via Zim 2014 projections: Optimism or denial? November 7, 2013 by Bernard Mpofu for NewsDay
THAT the forthcoming budget would be a herculean task for Finance minister Patrick Chinamasa is apparent.
First, the source of election funding remained a tightly kept secret and as such, consequences of such funding may not be quantified.
With just 100 days after Zanu PF won the July 31 election, Zimbabwe’s economy seems to be on auto pilot despite poor economic indicators.
In the midst of this, the former Prime Minister Morgan Tsvangirai led MDC, which has since taken a back seat after an election defeat, sees an opportunity. At least another day of political relevance!
Delays by the Reserve Bank of Zimbabwe governor Gideon Gono in announcing the Monetary Policy Statement and the deferment of the 2014 National Budget to either next month or next year has sent no good signal.
For Zanu PF, this could be a cue to go back to the drawing board and craft a document that inspires confidence.
The party, which recently launched the Zimbabwe Agenda for Sustainable Socio Economic Transformation (Zim ASSET), is now pinning its hopes on the new blueprint to turn around economy.
Though the document has not been publicly launched, the ruling party has taken every public gathering to herald it as a panacea to the country’s economic woes.
The blueprint joins other reform programmes introduced by government since independence, but were never implemented.
It promises economic growth and job creation in what analysts equated to a description of a destination without providing the means to get there.
Critics and the MDC-T, however, contend that this procrastination could be a sign of desperation while Rome continues to burn.
The MDC has seized the moment, proposing a stakeholders’ meeting which seeks to come up with urgent measures required to stimulate economic growth. Signs of a frail, limping economy are already evident. Industry is in doldrums and agriculture is no longer the mainstay of the economy.
A recent report by the Confederation of Zimbabwe Industries showed that capacity utilisation in the manufacturing sector had dipped to 39,6% this year from 44,9% recorded in 2012.
Amidst uncertainty around mineral prices and recovery in the agricultural sector, the baseline projections, according to the World Bank, forecast economic growth at 4,2% in 201 4.
Analysts say the wait-and-see attitude that gripped the markets resulted in broad money supply losing 1,5% to reach $3,8 billion in August.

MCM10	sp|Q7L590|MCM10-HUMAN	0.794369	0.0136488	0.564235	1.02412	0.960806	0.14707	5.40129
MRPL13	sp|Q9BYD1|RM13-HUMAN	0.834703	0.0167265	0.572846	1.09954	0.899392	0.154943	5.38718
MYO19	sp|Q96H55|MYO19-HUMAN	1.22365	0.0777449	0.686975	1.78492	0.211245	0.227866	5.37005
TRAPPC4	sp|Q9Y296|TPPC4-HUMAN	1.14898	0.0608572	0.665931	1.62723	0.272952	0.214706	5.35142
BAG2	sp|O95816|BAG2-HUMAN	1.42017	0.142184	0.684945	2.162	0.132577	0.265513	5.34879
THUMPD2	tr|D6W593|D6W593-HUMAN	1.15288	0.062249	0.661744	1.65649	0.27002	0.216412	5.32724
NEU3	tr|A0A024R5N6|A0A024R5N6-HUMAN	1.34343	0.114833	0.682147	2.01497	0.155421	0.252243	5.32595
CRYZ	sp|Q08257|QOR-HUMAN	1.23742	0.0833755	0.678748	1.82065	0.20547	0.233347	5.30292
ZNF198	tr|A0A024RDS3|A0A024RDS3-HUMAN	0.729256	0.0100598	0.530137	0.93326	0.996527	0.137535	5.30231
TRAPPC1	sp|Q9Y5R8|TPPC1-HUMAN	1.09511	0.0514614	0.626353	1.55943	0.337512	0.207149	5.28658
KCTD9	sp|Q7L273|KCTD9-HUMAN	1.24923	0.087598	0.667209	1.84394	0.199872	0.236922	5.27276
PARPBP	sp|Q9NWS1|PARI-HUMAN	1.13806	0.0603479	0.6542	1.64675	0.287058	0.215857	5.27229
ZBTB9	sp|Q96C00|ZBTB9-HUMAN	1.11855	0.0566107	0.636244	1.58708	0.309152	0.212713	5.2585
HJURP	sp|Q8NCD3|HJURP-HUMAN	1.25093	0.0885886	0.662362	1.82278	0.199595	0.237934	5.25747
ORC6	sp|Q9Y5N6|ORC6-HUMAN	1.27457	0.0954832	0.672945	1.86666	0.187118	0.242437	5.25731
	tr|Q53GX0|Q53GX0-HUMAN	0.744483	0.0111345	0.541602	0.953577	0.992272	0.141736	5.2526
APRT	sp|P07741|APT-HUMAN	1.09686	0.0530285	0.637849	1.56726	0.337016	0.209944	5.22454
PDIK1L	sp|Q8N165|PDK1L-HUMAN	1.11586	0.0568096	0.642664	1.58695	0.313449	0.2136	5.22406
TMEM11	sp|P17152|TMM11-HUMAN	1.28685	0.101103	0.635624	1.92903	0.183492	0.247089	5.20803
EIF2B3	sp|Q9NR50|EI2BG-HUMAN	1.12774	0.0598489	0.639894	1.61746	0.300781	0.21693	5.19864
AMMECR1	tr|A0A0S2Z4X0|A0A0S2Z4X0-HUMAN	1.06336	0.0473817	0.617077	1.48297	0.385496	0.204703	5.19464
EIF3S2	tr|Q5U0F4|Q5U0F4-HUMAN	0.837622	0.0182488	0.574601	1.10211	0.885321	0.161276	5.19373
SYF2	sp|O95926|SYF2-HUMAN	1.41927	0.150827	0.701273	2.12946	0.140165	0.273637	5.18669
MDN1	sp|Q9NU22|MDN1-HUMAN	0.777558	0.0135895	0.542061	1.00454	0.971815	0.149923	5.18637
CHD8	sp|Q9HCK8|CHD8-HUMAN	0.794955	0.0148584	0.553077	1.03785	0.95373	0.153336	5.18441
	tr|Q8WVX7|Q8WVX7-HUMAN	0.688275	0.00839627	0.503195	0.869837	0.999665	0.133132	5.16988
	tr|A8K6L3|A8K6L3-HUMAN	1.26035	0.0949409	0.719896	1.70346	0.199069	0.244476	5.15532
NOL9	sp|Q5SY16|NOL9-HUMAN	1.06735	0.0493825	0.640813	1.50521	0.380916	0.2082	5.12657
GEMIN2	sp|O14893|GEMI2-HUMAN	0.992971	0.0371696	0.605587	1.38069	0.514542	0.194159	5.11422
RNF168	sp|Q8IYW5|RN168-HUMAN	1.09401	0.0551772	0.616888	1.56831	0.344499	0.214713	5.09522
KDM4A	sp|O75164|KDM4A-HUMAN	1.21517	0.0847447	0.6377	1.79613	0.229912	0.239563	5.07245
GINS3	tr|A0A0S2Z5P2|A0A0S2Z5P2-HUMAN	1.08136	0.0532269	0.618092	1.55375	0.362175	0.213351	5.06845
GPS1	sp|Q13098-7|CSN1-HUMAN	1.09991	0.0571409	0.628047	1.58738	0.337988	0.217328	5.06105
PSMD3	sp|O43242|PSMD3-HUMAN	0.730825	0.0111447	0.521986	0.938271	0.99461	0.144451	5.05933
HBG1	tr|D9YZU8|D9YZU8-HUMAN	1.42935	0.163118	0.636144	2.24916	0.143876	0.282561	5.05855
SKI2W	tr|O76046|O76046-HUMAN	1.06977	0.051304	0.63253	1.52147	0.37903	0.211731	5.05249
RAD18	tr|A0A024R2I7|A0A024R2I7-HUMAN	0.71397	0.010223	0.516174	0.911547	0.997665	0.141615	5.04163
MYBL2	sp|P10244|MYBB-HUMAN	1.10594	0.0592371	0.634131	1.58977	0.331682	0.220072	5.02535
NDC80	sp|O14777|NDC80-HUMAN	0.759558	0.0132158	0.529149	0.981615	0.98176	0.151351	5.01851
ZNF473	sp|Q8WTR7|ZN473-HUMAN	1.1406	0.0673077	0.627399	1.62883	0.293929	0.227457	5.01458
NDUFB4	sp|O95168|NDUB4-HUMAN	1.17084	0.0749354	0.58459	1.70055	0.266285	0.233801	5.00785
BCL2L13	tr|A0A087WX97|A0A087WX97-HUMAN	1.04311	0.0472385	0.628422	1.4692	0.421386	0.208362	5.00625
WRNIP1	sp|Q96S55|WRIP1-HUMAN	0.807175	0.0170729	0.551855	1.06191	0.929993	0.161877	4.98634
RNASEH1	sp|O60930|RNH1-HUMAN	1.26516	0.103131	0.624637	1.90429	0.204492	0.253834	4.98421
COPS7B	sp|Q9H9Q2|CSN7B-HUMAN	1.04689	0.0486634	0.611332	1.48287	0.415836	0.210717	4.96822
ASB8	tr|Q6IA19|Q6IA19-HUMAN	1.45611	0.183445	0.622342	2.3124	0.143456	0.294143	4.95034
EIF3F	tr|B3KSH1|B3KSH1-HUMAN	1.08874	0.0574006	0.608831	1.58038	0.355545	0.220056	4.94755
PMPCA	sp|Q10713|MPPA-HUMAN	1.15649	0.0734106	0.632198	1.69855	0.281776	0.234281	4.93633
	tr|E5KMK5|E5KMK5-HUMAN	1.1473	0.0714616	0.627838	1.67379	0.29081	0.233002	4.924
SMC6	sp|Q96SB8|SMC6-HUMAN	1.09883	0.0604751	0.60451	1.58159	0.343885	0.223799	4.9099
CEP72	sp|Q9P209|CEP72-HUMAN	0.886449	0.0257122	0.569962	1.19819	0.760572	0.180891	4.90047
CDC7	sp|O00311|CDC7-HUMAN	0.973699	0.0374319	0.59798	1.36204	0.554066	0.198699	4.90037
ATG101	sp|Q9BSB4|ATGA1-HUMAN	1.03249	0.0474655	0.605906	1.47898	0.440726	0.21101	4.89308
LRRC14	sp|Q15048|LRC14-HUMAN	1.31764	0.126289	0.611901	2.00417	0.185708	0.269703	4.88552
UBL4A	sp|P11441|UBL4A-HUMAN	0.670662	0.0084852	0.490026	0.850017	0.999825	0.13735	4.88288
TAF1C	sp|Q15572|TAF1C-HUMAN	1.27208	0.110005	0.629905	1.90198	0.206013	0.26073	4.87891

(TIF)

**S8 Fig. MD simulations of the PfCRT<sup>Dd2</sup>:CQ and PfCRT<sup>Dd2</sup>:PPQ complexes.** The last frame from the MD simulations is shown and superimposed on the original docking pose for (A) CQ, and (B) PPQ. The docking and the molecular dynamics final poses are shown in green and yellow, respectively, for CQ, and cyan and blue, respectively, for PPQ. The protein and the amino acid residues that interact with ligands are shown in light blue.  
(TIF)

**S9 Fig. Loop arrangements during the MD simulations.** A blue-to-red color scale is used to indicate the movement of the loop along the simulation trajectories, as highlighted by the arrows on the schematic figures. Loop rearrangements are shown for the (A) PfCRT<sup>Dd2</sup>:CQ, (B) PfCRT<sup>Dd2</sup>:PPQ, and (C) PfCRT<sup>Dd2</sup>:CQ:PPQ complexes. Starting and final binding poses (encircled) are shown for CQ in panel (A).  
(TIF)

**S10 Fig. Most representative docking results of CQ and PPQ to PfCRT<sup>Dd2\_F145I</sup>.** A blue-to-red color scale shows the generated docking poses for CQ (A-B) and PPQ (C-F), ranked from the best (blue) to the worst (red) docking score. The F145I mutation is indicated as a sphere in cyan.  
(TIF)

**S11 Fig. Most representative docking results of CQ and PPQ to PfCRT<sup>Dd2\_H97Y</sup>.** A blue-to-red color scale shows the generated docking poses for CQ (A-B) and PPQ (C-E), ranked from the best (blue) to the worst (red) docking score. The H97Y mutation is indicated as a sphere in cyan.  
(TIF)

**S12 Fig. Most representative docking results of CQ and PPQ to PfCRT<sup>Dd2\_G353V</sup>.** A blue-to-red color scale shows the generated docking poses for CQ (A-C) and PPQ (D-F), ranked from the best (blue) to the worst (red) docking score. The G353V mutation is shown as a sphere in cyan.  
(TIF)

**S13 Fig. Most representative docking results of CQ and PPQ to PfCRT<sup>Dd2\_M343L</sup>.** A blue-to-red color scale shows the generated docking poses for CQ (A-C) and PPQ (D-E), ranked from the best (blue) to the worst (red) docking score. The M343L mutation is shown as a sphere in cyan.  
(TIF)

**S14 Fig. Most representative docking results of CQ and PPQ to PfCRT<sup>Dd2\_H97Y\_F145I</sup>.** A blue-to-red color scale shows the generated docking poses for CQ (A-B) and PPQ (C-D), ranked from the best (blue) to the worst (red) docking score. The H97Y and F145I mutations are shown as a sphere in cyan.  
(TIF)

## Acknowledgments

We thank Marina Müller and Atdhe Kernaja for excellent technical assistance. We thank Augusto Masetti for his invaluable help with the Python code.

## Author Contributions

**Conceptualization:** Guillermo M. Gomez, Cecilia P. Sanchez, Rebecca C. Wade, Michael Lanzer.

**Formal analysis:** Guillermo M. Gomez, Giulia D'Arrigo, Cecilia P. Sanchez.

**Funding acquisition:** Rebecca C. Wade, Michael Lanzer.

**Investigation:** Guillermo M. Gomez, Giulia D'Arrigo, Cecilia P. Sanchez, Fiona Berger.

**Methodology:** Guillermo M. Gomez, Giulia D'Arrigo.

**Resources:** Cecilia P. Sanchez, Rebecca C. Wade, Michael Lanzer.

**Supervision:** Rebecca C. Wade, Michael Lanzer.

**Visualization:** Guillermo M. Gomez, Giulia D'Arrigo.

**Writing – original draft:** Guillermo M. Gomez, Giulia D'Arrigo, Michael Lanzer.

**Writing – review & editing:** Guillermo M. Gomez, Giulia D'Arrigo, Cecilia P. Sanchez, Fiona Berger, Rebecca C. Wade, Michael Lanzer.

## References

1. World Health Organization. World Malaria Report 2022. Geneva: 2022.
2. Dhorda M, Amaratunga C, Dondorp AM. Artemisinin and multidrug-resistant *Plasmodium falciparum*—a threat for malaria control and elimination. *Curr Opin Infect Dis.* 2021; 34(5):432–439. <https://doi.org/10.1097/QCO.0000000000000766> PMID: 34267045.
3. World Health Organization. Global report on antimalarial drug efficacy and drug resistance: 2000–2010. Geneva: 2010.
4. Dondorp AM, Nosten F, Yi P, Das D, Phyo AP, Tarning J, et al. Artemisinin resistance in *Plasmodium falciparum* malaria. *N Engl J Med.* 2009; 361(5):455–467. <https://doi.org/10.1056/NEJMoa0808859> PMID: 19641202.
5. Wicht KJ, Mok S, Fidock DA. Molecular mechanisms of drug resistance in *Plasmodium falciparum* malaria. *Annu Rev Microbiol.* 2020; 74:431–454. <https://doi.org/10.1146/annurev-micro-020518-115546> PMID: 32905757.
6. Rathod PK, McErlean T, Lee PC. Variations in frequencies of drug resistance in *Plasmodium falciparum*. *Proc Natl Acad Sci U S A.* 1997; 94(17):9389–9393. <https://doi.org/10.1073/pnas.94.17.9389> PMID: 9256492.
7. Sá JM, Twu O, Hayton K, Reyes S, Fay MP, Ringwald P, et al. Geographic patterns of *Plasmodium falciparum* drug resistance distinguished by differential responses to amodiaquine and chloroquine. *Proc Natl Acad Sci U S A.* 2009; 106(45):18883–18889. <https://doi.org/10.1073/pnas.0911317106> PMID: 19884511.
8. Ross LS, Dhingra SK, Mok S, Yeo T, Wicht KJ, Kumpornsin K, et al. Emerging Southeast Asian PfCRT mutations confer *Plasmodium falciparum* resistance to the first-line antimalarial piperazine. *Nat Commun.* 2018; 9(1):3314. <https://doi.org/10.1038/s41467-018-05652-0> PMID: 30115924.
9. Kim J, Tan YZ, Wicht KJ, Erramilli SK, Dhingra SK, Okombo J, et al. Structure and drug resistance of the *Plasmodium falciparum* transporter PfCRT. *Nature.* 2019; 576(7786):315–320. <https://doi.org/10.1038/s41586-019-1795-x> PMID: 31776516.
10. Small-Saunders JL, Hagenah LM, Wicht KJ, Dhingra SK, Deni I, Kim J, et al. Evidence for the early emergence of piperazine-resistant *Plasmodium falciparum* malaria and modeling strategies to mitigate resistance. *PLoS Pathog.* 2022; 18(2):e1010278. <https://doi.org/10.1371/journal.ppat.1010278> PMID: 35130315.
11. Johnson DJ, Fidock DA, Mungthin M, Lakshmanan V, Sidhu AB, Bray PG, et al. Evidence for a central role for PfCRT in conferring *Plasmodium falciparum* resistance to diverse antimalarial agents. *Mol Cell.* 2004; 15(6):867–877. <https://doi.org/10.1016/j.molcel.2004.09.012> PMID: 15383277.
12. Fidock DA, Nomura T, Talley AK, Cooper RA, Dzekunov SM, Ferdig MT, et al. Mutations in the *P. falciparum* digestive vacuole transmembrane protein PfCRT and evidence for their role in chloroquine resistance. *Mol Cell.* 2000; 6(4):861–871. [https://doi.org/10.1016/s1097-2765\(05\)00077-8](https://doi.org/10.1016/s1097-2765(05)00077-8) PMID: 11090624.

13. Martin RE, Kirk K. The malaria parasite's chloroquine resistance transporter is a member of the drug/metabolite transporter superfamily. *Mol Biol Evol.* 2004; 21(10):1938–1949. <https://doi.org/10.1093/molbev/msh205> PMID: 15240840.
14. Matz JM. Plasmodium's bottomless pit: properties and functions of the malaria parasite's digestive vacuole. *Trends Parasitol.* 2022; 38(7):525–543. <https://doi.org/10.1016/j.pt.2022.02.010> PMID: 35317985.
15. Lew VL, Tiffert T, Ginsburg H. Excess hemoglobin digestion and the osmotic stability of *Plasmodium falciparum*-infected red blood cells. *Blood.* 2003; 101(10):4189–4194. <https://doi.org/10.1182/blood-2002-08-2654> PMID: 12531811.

Government figures show that fiscal revenues seem to stabilise around $4 billion, but expenditure pressures continue to mount.
While government revenue marginally exceeded expectations to reach $2,4 billion, supported by non-tax revenue ($238 million mostly from licensing fees in the telecommunications sector) and excise duties, no diamond dividends were remitted to Treasury in the first eight months of the year.
Current expenditure totalled $2,3 billion, but remains heavily skewed towards employment costs which absorbed $1,5 billion (63% of current expenditure and 60% of total revenue).
Against this background, the civil service is pushing for a salary hike as the bread basket continues to soar.
The World Bank country office for Zimbabwe says while the capital-intensive mining sector is expected to catapult economic growth, more measures are needed to boost output.
“Recovery in the mining sector is dampened by easing international prices, amidst still subdued levels of investment . The decline in prices (especially gold) led to the cut in production as costs of production increased, while long -term financing and energy constraints continue to bind,” said the World Bank.
In the eight months of 2013, gold production, the main driver of the sector, declined by 17%, reaching 9 372 kg.
Official figures show that the 2013 budget included a capital budget of $565 million, but only $164 million (7% of total revenue) was disbursed towards capital projects in the eight months to August, compromising the socio-economic recovery.
“The implementation of the 2013 budget remains a challenge and feels the heavy weight of the funding of elections ($132 million),grain imports and debt service payments ($151 million) on some non-concessional loans. An expenditure overrun is expected for 2013,” said the World Bank.
While more has to be done to unlock the human and mineral resources Zimbabwe has, Finance minister Chinamasa believes that the economy will grow by 6,1% next year, anchored by mining. Treasury also expects revenue to climb to $4,4 billion.
“The 2014 national budget thrust is guided by the Zimbabwe Agenda for Sustainable Socio-Economic Transformation which seeks to reverse the economic slowdown and reposition the economy back on a sustainable growth trajectory,” Chinamasa said in a pre-budget paper last week.
Industry and commerce organisations say while the proposed document is noble, measures aimed at deepening the financial sector reforms need to be pursued in order to build confidence and eliminate vulnerabilities within the banking sector.
After all is said and done, Zimbabwe will tell whether delays in setting the tone for the economy were worth the wait.
Addressing the banking sector challenges
THE financial services sector has often been blamed for not fully supporting key economic sectors. In a paper presented at a pre-budget workshop in Victoria Falls last — the Bankers Association of Zimbabwe identified key areas that need immediate attention to ensure that the sector effectively plays its role of financial intermediation. BAZ said addressing the banking sector challenges will be materially enhanced through measures that restore confidence in the economy. Below are some of the submissions by the bankers:
Capitalisation of RBZ
As part of an integrated plan to restore confidence in the banking sector, it is imperative that the Reserve Bank of Zimbabwe be adequately capitalised by Government. Adequate capitalisation of the Central Bank will enable the bank to play its Lender of last resort function, as well as activation of the interbank Market.
Restoration of RBZ lender of last resort function